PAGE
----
You want to hit without being hit. That’s how you win a boxing match.
There is a continuum of defensive strategies, and I’ll list them for you, starting with the absolute worst, and ending with the best.
The worst defensive strategies:
Walking into a power punch
Getting hit square by a punch
You can take a punch as long as its not on your most vulnerable areas. You never want to get hit in the face, the jaw, the temple, or in certain ‘illegal’ areas, but if you have to take a punch, its not the end of the world as long as it doesn’t hurt you too much.
Rolling with a punch
Sort of the opposite of walking into a punch is rolling with the punch. When you do this, you markedly decrease the punch’s impact. Good boxers rarely get hit square. They’re always moving with their opponent’s power punches. Why do some fighters – mostly MMA or traditional martial arts practitioners – go down after very few punches, while boxers go many rounds before they fall? It’s because boxers hardly ever get hit with the full power of a punch.
Your opponent can take advantage of this by continuing to punch. Judges often can’t determine if the punch did damage or not. Even though you rolled with the punch and rendered it harmless, judges might still score it as a landed power punch.
Better defensive strategies:
Block the punch
When you block a punch, you stick something in front of it. Think of an ancient soldier with a sword and shield: he’s capable of blocking an attack by sticking the shield in the way. A boxer blocks in a similar manner, but he blocks with his gloves, or sometimes his elbows or his shoulders. Against the jab, this is often called “catching the jab”. Usually, boxers use the rear hand to block (or catch) punches. Catching with the front hand is counterproductive.
If you block punches by putting your gloves right in front of your face (called “putting on the earmuffs”), you can get hurt even though the punch impacted your gloves instead of your face. Your opponent can take advantage of your blocks by increasing the length of his boxing combinations. While you’re busy putting your hands in front of your face, he’s punching around your block. So you should only block punches that otherwise will land.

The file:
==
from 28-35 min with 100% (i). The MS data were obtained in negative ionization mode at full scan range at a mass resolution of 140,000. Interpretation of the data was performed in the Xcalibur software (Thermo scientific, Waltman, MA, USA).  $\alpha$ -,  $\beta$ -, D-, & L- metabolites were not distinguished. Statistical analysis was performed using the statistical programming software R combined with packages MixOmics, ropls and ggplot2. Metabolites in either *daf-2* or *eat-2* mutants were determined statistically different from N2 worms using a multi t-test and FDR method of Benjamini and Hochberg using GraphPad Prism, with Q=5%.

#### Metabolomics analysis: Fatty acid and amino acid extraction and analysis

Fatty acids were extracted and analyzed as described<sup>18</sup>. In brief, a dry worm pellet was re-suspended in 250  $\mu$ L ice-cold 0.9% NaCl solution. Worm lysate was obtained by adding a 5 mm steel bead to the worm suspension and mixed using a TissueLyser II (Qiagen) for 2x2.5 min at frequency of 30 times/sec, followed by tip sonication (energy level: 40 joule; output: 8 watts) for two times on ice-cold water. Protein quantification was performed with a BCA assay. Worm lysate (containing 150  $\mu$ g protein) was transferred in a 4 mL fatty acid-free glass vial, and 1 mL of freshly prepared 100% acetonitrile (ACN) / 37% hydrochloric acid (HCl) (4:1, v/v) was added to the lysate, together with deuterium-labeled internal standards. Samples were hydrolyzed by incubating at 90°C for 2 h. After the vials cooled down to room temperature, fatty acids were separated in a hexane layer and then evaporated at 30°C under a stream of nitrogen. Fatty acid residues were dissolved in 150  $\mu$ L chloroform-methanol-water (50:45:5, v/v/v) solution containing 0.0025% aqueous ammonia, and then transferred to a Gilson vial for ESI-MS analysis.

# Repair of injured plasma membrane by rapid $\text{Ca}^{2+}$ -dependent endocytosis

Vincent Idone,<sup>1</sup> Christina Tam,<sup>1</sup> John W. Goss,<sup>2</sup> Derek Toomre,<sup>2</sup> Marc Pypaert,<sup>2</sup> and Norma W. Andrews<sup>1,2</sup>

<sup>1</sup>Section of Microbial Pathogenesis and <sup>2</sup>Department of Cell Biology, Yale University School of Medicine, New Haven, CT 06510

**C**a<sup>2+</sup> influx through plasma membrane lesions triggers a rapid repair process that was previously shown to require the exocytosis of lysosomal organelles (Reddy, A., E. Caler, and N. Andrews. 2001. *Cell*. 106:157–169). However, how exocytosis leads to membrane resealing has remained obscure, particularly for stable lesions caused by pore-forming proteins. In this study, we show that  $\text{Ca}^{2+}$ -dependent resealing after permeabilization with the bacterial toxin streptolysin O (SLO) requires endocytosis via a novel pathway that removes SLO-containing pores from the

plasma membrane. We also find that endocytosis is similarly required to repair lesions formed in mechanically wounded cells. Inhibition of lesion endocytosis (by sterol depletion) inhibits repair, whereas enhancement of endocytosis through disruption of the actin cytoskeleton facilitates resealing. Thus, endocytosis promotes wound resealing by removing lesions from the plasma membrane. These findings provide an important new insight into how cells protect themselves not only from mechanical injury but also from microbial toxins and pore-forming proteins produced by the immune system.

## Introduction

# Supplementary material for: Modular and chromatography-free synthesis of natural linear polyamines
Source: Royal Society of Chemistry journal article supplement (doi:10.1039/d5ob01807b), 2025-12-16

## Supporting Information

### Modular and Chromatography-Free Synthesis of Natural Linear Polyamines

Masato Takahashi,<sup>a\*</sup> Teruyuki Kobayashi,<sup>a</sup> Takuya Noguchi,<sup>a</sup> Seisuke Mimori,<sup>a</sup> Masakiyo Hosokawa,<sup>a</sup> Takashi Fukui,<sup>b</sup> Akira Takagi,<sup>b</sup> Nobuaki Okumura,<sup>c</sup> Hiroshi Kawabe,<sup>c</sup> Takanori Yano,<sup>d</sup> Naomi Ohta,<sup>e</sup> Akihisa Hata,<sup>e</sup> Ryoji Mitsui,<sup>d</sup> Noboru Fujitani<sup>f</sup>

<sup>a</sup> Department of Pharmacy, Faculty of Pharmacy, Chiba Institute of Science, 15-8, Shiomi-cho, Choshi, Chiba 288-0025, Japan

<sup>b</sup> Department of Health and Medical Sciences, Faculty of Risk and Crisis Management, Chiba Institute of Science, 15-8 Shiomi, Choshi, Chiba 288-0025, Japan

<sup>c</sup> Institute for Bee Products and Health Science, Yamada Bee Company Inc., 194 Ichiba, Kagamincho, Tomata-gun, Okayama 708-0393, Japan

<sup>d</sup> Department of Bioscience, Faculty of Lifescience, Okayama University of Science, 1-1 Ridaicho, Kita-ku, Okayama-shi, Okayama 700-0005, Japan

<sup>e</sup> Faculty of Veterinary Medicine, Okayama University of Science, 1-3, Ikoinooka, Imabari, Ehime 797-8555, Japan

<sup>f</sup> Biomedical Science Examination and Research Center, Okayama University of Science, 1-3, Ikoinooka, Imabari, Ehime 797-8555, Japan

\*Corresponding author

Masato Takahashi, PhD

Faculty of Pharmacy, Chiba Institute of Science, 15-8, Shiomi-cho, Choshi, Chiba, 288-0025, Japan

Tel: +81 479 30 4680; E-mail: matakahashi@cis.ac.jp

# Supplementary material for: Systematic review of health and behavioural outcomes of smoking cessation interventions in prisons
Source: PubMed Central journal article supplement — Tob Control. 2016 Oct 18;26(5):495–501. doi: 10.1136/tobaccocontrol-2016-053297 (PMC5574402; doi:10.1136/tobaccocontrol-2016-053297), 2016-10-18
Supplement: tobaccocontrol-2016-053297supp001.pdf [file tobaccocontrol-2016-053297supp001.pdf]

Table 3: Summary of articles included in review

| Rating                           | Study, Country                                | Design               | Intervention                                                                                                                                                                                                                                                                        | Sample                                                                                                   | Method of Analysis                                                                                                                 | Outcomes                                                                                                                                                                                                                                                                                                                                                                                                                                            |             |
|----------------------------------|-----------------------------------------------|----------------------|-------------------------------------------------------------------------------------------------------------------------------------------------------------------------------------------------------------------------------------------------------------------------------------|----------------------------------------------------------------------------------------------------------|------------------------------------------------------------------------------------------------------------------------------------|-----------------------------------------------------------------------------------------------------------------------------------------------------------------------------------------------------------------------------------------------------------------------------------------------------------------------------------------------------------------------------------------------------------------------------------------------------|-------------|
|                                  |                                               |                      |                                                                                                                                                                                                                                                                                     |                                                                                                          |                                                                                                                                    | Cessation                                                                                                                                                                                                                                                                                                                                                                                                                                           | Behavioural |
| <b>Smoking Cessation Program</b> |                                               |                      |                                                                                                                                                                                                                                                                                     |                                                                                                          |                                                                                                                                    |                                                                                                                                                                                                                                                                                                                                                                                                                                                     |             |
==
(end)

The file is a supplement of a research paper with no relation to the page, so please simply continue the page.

Parry the punch
When you parry a punch, you’re not stopping it dead like when you block. Instead, you’re deflecting it. You’re knocking it off line. The front hand is often used to parry punches. Successfully parrying a punch leaves your opponent vulnerable to counterpunches.
Your opponent can trick you by feinting. This may cause you to parry a punch that simply doesn’t exist. When you do this, you are momentarily vulnerable. Be sure to only parry enough to deflect the punch; don’t parry with so much intensity that you throw yourself offline.
The best defensive strategies in boxing:
Make him miss
When you make him miss, you are in a perfect position to make him pay. There are several ways to do this.
You can slip or roll with his punches. Slipping, especially, is a very effective way to put your opponent totally out of position so you can blast him with a power punch before he’s able to recover.
Sidestepping is useful against fighters with little experience. If a guy comes rushing in, try a sidestep.
Finally, if you have longer punches than his – especially if he’s an inexperienced fighter who throws nothing but haymakers – you can keep him from ever getting close enough to hit you. Good jabbers do this instinctively.
Your opponent can take advantage of this if he’s well conditioned. Often, judges will score an otherwise even fight to the fighter who showed more aggression. If he’s dictating the pace of the fight, he looks like a winner.
Hit him before he hits you
The very best thing you can do is to hit him before he punches. Think of the old saying: the best defense is a good offense. If you seize and maintain the initiative, he won’t hurt you. Of course, this is easier said than done. If you’re fighting a good boxer, he’s very dangerous; open up prematurely, and you’ll get the tables turned on you. So make sure you really can hit him before you commit yourself to a string of power punches.
What do you think? Do you have any defensive boxing strategies that I neglected to mention? Let’s hear your thoughts below.
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